Image of Alice Paul celebrating the 19th Amendmen

August 26, 1920

The 19th Amendment was certified by U.S. Secretary of State, and women finally achieved the right to vote throughout the United States. The 19th Amendment states, "The right of citizens of the United States to vote shall not be denied or abridged by the United States or by any state on account of sex. Congress shall have power to enforce this article by appropriate legislation ("19th Amendment"). 

Discover More

The websites here are to provide a good overall history of the 19th Amendment and Women's Suffrage. They also provide links to online exhibits, educational resources, primary resources, and podcasts.

Did passing the 19th Amendment guarantee the right to vote for all women? How did the fight for women's right to vote start? Who were the leaders of the movement? Learn the stories of the women who pushed for the right to vote despite being jailed and beaten, learn how the crusade for abolition inspired the vote for women, all the good, bad, and unknown details of history.

A picture of pins and buttons for woman's suffrage

A collection of videos and documentaries through YouTube, Kanopy, Academic Video Online, and Films on Demand. With the databases through the library, you will need to log in using your library barcode (on the back of your ID) or with your Lone Star username and password. 

A selection of scholarly articles and e-books offered through LSC-University Park, but there is always more to find, and if you wish to locate more information, please contact one of your friendly librarians. 

Her Story: Histories of Women Fighting for the Vote (e-books)

Minnie Fisher Cunningham

The principal orchestrator of the passage of women's suffrage in Texas, a founder and national officer of the League of Women Voters, the first woman to run for a U.S. Senate seat from Texas, and a candidate for that state's governor, Minnie Fisher Cunningham was one of the first Americanwomen to pursue a career in party politics.

In Her Own Right

The first comprehensive, fully documented biography of the most important woman suffragist and feminist reformer in nineteenth-century America, In Her Own Right restores Elizabeth Cady Stanton to her true place in history.

Seneca Falls and the Origins of the Women's Rights Movement

In a quiet town of Seneca Falls, New York, over the course of two days in July, 1848, a small group of women and men, led by Elizabeth Cady Stanton and Lucretia Mott, held a convention that would launch the woman's rights movement and change the course of history.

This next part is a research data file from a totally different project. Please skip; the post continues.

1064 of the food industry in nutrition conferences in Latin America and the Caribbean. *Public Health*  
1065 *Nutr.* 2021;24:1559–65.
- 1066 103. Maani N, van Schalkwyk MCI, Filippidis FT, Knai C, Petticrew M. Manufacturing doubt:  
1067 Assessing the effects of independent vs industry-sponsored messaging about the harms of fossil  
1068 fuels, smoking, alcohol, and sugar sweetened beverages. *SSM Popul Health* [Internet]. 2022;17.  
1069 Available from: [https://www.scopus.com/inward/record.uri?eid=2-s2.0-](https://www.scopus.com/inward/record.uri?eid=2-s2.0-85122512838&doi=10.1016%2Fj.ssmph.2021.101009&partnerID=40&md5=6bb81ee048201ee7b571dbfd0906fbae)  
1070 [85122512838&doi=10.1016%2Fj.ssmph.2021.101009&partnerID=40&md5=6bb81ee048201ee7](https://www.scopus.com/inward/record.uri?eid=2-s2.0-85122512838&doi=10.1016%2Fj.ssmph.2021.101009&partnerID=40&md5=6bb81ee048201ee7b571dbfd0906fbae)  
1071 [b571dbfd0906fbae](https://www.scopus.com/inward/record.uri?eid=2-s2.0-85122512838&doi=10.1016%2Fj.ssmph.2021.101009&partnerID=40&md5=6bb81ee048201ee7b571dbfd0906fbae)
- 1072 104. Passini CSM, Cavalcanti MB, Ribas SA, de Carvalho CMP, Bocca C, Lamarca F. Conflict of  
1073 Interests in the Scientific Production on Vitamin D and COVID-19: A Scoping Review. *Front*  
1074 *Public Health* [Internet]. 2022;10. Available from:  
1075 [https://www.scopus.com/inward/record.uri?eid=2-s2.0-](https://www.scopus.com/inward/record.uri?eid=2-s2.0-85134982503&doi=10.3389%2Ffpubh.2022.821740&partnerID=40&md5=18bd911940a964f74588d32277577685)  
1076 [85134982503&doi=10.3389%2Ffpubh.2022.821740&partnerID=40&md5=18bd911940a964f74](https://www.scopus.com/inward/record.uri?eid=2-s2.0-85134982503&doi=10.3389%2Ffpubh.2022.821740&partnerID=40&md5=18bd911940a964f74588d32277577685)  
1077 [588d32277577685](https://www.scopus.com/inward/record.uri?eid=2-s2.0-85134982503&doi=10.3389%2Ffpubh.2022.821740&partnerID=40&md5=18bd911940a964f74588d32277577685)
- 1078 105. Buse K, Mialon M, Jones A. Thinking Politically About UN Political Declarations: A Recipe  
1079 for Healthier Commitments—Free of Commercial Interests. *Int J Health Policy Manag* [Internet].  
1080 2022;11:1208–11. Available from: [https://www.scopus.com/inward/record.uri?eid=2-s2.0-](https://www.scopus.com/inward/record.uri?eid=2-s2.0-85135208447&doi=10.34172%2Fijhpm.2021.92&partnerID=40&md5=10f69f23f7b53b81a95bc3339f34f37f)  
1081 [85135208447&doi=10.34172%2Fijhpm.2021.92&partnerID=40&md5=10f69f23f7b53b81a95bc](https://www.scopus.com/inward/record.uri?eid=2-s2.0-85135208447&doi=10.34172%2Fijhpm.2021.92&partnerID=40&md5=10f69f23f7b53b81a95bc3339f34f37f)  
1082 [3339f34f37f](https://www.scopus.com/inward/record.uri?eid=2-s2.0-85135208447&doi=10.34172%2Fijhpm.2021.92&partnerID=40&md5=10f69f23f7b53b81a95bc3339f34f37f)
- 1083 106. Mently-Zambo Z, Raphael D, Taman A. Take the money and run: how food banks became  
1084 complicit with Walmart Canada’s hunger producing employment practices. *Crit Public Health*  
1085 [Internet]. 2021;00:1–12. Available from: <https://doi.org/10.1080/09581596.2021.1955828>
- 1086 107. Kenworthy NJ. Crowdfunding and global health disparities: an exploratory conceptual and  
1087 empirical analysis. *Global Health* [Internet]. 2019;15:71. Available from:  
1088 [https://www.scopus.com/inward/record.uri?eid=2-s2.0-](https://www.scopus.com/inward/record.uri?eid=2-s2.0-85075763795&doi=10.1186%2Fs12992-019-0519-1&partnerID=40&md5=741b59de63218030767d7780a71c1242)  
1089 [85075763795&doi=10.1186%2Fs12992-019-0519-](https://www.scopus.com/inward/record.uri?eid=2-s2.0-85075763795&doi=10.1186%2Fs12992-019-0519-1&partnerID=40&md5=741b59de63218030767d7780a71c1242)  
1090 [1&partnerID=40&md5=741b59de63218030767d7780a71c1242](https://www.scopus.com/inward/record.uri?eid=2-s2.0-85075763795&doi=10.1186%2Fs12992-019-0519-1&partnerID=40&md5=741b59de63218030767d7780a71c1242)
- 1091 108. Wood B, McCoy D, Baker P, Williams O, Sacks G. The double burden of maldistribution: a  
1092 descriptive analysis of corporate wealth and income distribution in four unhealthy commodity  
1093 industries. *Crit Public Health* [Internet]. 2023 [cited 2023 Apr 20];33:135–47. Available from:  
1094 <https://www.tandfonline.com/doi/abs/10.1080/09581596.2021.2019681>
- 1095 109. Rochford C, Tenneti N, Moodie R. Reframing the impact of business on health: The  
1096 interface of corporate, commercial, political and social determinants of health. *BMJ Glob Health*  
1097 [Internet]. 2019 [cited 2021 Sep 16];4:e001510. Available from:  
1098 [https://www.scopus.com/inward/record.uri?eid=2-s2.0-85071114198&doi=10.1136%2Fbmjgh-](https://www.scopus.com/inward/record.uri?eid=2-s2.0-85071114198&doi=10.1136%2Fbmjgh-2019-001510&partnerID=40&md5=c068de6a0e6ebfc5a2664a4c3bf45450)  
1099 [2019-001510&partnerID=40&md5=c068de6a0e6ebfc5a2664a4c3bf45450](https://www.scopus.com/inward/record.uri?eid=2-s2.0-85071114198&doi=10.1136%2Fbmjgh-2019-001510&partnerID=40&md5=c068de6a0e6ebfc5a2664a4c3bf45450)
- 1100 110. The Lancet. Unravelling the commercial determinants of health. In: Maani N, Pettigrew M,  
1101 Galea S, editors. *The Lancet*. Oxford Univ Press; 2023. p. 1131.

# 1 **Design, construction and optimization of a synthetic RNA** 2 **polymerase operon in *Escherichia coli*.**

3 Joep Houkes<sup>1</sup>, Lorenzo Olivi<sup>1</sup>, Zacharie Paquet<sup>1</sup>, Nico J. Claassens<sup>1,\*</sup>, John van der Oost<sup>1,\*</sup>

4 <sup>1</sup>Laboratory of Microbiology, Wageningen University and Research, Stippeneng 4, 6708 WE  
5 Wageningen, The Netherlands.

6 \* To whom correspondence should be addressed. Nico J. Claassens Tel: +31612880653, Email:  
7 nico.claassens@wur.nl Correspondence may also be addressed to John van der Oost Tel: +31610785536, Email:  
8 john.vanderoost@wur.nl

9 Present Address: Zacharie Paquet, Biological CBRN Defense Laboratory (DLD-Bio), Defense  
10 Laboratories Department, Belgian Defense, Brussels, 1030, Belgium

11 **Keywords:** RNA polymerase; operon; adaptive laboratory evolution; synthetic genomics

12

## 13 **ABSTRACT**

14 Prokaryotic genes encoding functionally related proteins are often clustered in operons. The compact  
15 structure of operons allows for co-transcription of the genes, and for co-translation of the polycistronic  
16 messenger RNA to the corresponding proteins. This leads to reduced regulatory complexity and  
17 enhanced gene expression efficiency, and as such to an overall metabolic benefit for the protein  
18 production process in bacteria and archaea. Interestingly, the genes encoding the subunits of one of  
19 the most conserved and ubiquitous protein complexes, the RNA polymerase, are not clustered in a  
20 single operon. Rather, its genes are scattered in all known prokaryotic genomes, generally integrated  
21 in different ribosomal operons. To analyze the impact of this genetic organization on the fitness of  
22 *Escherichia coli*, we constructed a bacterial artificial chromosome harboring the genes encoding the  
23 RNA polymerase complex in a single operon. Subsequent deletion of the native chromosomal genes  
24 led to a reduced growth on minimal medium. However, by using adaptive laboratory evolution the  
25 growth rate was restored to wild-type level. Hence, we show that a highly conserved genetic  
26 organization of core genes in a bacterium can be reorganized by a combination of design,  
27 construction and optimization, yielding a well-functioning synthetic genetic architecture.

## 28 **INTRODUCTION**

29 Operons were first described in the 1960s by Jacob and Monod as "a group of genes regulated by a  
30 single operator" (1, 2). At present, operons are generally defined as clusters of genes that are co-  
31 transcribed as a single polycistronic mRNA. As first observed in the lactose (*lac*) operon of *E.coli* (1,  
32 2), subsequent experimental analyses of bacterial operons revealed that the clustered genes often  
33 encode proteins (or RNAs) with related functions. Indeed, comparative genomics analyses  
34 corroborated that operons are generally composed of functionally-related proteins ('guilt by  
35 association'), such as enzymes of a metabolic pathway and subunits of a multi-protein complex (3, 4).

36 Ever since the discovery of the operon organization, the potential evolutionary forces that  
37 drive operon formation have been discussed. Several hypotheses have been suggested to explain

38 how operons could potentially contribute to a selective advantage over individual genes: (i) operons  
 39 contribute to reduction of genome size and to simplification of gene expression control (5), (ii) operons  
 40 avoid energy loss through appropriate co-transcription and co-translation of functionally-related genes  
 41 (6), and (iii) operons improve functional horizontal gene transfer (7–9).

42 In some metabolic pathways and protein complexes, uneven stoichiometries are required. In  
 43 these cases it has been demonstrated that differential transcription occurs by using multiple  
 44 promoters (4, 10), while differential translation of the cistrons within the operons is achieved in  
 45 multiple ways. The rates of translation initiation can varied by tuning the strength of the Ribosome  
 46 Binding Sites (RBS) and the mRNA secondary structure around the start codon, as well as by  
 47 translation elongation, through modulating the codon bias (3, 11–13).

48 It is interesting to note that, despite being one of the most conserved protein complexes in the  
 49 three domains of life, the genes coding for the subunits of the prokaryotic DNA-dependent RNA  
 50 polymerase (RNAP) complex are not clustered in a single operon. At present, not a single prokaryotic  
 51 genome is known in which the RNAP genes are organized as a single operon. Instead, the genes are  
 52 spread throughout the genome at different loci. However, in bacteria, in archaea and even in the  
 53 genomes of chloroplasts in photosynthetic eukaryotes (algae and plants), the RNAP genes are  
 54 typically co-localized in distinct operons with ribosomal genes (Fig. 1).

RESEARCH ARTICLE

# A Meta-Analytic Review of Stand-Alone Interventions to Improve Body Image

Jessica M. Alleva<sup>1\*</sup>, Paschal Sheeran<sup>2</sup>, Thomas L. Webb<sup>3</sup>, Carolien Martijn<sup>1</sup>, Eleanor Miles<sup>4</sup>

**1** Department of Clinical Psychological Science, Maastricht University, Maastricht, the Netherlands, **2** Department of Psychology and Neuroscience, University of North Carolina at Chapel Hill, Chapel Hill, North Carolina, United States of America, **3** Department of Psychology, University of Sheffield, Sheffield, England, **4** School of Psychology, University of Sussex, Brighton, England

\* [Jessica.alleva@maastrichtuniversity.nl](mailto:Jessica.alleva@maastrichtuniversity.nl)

Lucy Stone

A pivotal leader in the fight for both abolition and gender equality, her achievements marked the beginning of the women's rights movement and helped to lay the groundwork for the eventual winning of women's suffrage. Yet, today most Americans have never heard of Lucy Stone.

Press, Platform, Pulpit

Press, Platform, Pulpit examines how early black feminism goes public by sheding new light on some of the major figures of early black feminism as well as bringing forward some lesser-known individuals who helped shape various  reform movements.

Fighting Chance

The advocates of woman suffrage and black suffrage came to a bitter falling-out in the midst of Reconstruction, when Elizabeth Cady Stanton opposed the 15th Amendment because it granted the vote to black men but not to women. How did these two causes, so long allied, come to this?

Ida B. Wells-Barnett and American Reform, 1880-1930

Pioneering African American journalist Ida B. Wells-Barnett (1862-1931) is widely remembered for her courageous antilynching crusade in the 1890s; the full range of her struggles against injustice is not as well known.

African American Women and the Vote, 1837-1965

By identifying key turning points for black women, the essays create a new chronology and a new paradigm for historical analysis. The chronology begins in 1837 with the interracial meeting of antislavery women in New York City and concludes with the civil rights movement of the 1960s.

Alice Paul

Alice Paul has long been an elusive figure in the political history of American women. This biography of Paul's early years and suffrage leadership offers fresh insight into her private persona and public image, examining for the first time the sources of Paul's ambition and the growth of her political consciousness.

How the Vote Was Won

Uncovers how women in the West fought for the right to vote. By the end of 1914, almost every Western state and territory had enfranchised its female citizens in the greatest innovation in participatory democracy since Reconstruction.

Women Will Vote

Women Will Vote makes clear how actions of New York's patchwork of suffrage advocates heralded a gigantic political, social, and legal shift in the United States.

Inez

Inez Milholland was the most glamorous suffragist of the 1910s and a fearless crusader for women's rights. Moving in radical circles, she agitated for social change in the prewar years, and she epitomized the independent New Woman of the time.

Woman Suffrage and Women's Rights

An essential examination of the woman suffrage movement In recent decades, the woman suffrage movement has taken on new significance for women's history.